After deciding on his itinerary Paul sent two men to Macedonia to prepare for his arrival.
So, he sent into Macedonia two of them that ministered unto him, Timotheus and Erastus; but he himself stayed in Asia for a season.
Before Paul leaves for Macedonia, he sends Timothy and Erastus ahead to make sure all is ready. Then from Macedonia Timothy travels to Corinth.
1 Corinthians 4:15-17
For though ye have ten thousand instructers in Christ yet have ye not many fathers: for in Christ Jesus, I have begotten you through the gospel. Wherefore I beseech you, be ye followers of me. For this cause have I sent unto you Timotheus, who is my beloved son, and faithful in the Lord, who shall bring you into remembrance of my ways which be in Christ, as I teach everywhere in every church.
While Paul is preparing for his trip to Macedonia, trouble is stirring in Ephesus.
And the same time there arose no small stir about that way. For a certain man named Demetrius, a silversmith, which made silver shrines for Diana, brought no small gain unto the craftsmen.
The last time we saw business leaders’ revolt against the believers it was in Philippi.
And when her masters saw that the hope of their gains was gone, they caught Paul and Silas, and drew them into the marketplace unto the rulers,
What was their issue? “…hope of their gains was gone…” But what did they say to the magistrates and the people?
And teach customs, which are not lawful for us to receive, neither to observe, being Romans.
They lied and forgot to tell everyone it was really about the money they were no longer making.
In Ephesus we are about to get a union meeting, workers of like occupation.
Whom he called together with the workmen of like occupation, and said, Sirs, ye know that by this craft we have our wealth.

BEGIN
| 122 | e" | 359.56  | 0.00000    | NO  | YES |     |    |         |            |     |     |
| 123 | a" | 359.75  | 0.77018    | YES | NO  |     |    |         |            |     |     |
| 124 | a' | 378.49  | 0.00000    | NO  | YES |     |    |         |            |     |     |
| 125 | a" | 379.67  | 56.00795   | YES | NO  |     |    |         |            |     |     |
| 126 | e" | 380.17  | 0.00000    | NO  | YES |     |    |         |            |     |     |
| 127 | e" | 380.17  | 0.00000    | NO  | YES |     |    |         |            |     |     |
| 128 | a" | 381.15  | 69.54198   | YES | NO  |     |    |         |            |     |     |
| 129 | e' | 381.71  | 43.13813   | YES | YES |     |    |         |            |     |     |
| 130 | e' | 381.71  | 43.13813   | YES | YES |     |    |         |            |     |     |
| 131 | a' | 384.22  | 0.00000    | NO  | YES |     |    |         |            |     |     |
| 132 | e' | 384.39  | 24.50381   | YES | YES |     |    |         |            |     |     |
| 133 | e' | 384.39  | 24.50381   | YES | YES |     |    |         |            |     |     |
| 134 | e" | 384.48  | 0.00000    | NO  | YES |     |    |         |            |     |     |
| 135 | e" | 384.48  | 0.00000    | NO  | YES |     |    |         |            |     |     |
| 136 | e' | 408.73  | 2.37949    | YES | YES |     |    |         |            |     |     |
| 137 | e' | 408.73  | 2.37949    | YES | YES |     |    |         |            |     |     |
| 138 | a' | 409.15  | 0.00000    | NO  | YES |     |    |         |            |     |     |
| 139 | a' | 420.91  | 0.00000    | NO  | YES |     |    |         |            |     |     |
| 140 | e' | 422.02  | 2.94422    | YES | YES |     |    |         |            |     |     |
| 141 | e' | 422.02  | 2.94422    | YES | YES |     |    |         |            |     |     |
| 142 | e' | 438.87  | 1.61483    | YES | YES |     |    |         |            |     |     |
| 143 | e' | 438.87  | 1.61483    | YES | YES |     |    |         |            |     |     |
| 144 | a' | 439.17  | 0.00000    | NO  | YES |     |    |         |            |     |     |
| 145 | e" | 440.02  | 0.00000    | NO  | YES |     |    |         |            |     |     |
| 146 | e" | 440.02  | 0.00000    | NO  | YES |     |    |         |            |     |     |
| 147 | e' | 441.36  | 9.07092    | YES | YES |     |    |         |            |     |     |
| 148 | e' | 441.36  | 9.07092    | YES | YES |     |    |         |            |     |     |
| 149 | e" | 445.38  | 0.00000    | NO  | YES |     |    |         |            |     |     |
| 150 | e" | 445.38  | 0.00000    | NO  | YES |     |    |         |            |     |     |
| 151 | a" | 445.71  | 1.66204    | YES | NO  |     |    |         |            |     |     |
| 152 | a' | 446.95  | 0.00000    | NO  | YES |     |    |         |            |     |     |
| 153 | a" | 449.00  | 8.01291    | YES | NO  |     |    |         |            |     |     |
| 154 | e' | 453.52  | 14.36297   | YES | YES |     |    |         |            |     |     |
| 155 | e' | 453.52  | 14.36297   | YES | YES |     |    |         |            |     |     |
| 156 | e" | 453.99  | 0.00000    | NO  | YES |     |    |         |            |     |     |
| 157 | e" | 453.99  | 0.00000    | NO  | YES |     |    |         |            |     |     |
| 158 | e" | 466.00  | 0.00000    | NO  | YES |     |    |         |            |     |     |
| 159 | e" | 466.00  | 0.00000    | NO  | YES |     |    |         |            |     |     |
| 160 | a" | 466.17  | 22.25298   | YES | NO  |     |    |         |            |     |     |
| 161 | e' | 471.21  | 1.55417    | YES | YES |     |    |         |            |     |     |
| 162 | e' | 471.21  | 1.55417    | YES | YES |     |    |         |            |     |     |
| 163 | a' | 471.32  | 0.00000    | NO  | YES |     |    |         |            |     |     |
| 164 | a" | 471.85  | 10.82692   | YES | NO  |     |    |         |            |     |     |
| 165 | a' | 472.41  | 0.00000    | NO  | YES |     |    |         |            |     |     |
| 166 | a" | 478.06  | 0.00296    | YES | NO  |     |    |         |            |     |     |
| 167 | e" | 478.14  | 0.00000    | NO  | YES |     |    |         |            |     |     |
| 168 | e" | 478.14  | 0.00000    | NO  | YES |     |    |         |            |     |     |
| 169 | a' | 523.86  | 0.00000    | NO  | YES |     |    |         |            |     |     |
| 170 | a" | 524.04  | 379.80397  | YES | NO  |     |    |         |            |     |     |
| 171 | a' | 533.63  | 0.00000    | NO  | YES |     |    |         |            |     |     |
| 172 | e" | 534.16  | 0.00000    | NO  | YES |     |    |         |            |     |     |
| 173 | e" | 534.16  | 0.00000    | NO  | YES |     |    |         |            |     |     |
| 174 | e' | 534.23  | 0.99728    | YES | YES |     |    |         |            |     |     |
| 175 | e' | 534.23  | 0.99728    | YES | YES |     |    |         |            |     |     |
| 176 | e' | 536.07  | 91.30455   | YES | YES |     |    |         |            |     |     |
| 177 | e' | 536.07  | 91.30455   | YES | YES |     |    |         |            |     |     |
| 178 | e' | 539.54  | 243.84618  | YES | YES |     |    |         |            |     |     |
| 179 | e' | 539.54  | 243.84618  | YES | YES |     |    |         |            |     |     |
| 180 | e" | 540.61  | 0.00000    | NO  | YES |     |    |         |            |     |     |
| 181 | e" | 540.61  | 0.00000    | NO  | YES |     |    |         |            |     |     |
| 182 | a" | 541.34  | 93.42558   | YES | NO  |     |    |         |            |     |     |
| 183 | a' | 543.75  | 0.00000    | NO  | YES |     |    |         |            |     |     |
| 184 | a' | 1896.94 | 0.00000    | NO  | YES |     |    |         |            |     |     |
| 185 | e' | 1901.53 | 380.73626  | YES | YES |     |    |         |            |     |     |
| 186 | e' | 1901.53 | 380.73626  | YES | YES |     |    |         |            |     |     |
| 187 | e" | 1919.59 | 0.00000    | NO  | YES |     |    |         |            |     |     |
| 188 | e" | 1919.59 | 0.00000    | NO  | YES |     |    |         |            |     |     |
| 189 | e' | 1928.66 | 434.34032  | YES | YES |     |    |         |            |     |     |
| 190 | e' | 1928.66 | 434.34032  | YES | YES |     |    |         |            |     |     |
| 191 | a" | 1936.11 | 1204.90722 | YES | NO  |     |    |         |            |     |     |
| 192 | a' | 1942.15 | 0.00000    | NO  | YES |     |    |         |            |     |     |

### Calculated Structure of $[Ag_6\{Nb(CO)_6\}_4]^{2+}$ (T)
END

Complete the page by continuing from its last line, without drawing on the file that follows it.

Once again, the issue is their profit margin. They are going to mask their real issue because the real issue will not get the people of the city to stand with them. By mask I mean they are going to lie and say something else is the real issue. They are not going to tell the people they are losing money and that they are angry because of it.
Moreover ye see and hear, that not alone at Ephesus, but almost throughout all Asia, this Paul hath persuaded and turned away much people, saying that they be no gods, which are made with hands: So that not only this our craft is in danger to be set at nought; but also that the temple of the great goddess Diana should be despised, and her magnificence should be destroyed, whom all Asia and the world worshippeth.
Diana is the Roman goddess, but the text reads Artemis, who is the Greek version of the Roman Diana. The reason many translators probably went with Diana is because her name means sky. Combine this with the words of the town clerk, “the image which fell down from Jupiter” and you probably have why they went with Diana.